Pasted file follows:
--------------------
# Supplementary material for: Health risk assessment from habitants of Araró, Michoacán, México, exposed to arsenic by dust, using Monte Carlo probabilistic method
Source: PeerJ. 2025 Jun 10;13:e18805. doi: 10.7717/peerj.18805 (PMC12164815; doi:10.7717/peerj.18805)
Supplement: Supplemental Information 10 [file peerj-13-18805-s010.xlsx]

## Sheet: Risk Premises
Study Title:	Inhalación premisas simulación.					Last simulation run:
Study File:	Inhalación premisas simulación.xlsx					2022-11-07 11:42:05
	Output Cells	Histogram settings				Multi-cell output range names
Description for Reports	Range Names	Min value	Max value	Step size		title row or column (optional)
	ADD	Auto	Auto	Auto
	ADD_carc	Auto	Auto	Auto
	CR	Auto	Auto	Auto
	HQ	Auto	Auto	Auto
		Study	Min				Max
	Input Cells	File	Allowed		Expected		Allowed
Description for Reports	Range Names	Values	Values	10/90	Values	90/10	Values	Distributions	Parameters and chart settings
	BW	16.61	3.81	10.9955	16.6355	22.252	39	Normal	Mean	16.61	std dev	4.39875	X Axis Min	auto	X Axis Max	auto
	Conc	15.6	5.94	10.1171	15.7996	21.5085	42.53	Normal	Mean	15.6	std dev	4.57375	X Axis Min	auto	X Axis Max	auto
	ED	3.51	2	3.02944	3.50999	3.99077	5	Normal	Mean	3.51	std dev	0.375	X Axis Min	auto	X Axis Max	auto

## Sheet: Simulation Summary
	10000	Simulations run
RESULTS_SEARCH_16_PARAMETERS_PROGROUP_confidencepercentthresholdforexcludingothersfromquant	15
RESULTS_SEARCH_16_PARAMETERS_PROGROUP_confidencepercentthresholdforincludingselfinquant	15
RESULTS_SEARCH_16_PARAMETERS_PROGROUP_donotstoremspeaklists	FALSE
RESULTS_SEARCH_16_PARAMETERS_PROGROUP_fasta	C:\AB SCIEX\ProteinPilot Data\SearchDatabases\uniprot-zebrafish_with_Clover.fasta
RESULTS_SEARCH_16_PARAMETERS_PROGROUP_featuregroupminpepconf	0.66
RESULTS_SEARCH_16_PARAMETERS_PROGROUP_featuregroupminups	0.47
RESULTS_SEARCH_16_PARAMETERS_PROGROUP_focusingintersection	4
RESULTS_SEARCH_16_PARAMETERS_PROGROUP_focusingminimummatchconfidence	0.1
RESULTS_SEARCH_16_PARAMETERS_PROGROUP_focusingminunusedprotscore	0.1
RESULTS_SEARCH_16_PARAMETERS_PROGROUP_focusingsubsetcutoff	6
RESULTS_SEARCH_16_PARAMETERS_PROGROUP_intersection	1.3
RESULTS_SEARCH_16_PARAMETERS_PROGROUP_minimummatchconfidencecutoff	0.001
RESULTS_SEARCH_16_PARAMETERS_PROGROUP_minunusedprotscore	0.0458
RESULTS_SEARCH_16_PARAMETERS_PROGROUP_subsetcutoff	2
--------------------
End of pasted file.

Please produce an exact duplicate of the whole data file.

# Supplementary material for: Health risk assessment from habitants of Araró, Michoacán, México, exposed to arsenic by dust, using Monte Carlo probabilistic method
Source: PeerJ. 2025 Jun 10;13:e18805. doi: 10.7717/peerj.18805 (PMC12164815; doi:10.7717/peerj.18805)
Supplement: Supplemental Information 10 [file peerj-13-18805-s010.xlsx]

## Sheet: Risk Premises
Study Title:	Inhalación premisas simulación.					Last simulation run:
Study File:	Inhalación premisas simulación.xlsx					2022-11-07 11:42:05
	Output Cells	Histogram settings				Multi-cell output range names
Description for Reports	Range Names	Min value	Max value	Step size		title row or column (optional)
	ADD	Auto	Auto	Auto
	ADD_carc	Auto	Auto	Auto
	CR	Auto	Auto	Auto
	HQ	Auto	Auto	Auto
		Study	Min				Max
	Input Cells	File	Allowed		Expected		Allowed
Description for Reports	Range Names	Values	Values	10/90	Values	90/10	Values	Distributions	Parameters and chart settings
	BW	16.61	3.81	10.9955	16.6355	22.252	39	Normal	Mean	16.61	std dev	4.39875	X Axis Min	auto	X Axis Max	auto
	Conc	15.6	5.94	10.1171	15.7996	21.5085	42.53	Normal	Mean	15.6	std dev	4.57375	X Axis Min	auto	X Axis Max	auto
	ED	3.51	2	3.02944	3.50999	3.99077	5	Normal	Mean	3.51	std dev	0.375	X Axis Min	auto	X Axis Max	auto

## Sheet: Simulation Summary
	10000	Simulations run
RESULTS_SEARCH_16_PARAMETERS_PROGROUP_confidencepercentthresholdforexcludingothersfromquant	15
RESULTS_SEARCH_16_PARAMETERS_PROGROUP_confidencepercentthresholdforincludingselfinquant	15
RESULTS_SEARCH_16_PARAMETERS_PROGROUP_donotstoremspeaklists	FALSE
RESULTS_SEARCH_16_PARAMETERS_PROGROUP_fasta	C:\AB SCIEX\ProteinPilot Data\SearchDatabases\uniprot-zebrafish_with_Clover.fasta
RESULTS_SEARCH_16_PARAMETERS_PROGROUP_featuregroupminpepconf	0.66
RESULTS_SEARCH_16_PARAMETERS_PROGROUP_featuregroupminups	0.47
RESULTS_SEARCH_16_PARAMETERS_PROGROUP_focusingintersection	4
RESULTS_SEARCH_16_PARAMETERS_PROGROUP_focusingminimummatchconfidence	0.1
RESULTS_SEARCH_16_PARAMETERS_PROGROUP_focusingminunusedprotscore	0.1
RESULTS_SEARCH_16_PARAMETERS_PROGROUP_focusingsubsetcutoff	6
RESULTS_SEARCH_16_PARAMETERS_PROGROUP_intersection	1.3
RESULTS_SEARCH_16_PARAMETERS_PROGROUP_minimummatchconfidencecutoff	0.001
RESULTS_SEARCH_16_PARAMETERS_PROGROUP_minunusedprotscore	0.0458
RESULTS_SEARCH_16_PARAMETERS_PROGROUP_subsetcutoff	2